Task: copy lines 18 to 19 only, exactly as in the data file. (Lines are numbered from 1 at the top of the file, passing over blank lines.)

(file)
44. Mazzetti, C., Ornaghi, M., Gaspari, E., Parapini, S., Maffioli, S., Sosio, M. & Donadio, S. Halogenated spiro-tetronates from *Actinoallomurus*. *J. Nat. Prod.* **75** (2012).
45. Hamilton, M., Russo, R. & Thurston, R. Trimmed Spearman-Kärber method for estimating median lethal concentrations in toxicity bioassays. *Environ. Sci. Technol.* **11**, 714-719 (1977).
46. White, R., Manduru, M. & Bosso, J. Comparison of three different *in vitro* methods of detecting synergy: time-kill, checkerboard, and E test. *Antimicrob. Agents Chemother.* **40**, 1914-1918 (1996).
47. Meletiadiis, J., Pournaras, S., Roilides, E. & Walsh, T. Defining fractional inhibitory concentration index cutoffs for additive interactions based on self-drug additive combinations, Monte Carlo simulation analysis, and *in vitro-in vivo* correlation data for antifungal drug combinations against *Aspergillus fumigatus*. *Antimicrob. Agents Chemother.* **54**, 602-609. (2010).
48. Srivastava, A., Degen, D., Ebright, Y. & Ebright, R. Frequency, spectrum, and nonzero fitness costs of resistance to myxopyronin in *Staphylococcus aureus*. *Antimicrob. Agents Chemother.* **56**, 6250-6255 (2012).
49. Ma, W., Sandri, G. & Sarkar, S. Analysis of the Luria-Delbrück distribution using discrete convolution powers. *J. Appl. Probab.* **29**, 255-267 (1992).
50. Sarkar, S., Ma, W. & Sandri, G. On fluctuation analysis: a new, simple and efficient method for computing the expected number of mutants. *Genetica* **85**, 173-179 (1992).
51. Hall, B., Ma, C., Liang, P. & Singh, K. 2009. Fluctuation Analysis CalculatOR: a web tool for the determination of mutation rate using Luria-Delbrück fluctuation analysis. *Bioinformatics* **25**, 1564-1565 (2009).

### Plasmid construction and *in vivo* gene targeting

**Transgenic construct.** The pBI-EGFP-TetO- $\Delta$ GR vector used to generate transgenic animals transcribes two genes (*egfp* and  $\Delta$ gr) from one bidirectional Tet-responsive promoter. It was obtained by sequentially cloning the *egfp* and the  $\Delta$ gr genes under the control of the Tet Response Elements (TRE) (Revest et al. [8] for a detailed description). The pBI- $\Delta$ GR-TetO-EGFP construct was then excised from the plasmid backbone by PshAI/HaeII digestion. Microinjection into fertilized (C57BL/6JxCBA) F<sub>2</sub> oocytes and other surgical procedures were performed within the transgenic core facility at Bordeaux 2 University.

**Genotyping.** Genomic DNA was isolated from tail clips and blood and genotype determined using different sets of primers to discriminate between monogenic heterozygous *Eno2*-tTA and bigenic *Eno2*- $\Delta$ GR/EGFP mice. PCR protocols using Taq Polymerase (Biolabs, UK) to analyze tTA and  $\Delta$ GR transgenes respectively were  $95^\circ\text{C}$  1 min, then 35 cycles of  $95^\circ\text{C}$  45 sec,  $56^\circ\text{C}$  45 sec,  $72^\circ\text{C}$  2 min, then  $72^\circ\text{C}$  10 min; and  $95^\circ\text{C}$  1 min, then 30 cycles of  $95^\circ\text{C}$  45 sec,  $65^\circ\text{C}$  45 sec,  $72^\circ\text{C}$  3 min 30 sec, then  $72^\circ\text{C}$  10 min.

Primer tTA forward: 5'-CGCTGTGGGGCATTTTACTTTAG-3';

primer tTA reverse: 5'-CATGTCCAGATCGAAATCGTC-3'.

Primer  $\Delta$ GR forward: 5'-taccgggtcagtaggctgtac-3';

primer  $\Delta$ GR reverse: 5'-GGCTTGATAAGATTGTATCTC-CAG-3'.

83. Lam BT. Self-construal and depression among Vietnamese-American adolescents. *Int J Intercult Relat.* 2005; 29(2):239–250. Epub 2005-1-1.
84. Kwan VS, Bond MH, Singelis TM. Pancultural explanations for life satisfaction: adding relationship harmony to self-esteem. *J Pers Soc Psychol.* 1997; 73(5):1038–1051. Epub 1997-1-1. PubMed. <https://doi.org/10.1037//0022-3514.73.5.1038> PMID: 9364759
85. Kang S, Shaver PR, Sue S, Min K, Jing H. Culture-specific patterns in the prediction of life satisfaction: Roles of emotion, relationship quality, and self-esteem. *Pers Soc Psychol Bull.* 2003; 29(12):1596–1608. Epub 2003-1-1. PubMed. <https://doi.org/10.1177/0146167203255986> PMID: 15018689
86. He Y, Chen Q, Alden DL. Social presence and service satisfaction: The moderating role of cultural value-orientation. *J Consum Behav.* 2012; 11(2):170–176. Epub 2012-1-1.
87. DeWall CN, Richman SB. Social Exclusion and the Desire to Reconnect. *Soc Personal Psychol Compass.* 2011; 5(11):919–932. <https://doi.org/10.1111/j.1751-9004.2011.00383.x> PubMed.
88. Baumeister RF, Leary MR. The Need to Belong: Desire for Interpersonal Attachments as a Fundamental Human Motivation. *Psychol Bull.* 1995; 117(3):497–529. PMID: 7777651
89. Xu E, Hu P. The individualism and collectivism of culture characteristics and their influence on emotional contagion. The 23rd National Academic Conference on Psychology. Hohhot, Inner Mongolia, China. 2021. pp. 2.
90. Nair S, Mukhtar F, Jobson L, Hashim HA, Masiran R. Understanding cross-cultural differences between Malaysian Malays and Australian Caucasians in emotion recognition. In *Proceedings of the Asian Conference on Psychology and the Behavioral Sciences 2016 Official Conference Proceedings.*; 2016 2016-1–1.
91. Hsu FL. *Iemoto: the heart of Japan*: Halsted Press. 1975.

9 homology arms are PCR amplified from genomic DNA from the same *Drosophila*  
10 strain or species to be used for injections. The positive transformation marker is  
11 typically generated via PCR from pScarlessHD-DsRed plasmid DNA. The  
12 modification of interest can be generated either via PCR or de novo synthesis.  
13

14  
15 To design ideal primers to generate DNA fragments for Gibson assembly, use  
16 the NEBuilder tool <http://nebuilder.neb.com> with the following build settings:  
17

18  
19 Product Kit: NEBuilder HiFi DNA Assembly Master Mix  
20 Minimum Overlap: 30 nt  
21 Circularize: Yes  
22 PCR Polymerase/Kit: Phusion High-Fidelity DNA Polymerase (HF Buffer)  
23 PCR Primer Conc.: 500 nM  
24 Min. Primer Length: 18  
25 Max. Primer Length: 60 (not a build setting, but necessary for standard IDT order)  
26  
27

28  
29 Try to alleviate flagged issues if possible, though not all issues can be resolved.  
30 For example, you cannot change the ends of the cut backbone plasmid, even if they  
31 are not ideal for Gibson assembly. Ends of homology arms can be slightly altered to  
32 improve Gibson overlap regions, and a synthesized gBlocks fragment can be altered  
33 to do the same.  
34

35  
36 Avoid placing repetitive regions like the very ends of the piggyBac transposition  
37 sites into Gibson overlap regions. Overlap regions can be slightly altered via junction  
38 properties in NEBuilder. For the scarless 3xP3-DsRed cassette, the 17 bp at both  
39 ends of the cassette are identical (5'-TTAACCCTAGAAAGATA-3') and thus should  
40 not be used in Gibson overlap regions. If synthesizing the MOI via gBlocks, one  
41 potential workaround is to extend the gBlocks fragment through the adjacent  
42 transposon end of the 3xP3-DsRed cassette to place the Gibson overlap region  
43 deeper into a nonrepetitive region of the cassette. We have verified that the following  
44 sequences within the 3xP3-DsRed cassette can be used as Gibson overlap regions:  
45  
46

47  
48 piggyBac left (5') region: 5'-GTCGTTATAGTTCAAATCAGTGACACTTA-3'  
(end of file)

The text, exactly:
85. Kang S, Shaver PR, Sue S, Min K, Jing H. Culture-specific patterns in the prediction of life satisfaction: Roles of emotion, relationship quality, and self-esteem. *Pers Soc Psychol Bull.* 2003; 29(12):1596–1608. Epub 2003-1-1. PubMed. <https://doi.org/10.1177/0146167203255986> PMID: 15018689
86. He Y, Chen Q, Alden DL. Social presence and service satisfaction: The moderating role of cultural value-orientation. *J Consum Behav.* 2012; 11(2):170–176. Epub 2012-1-1.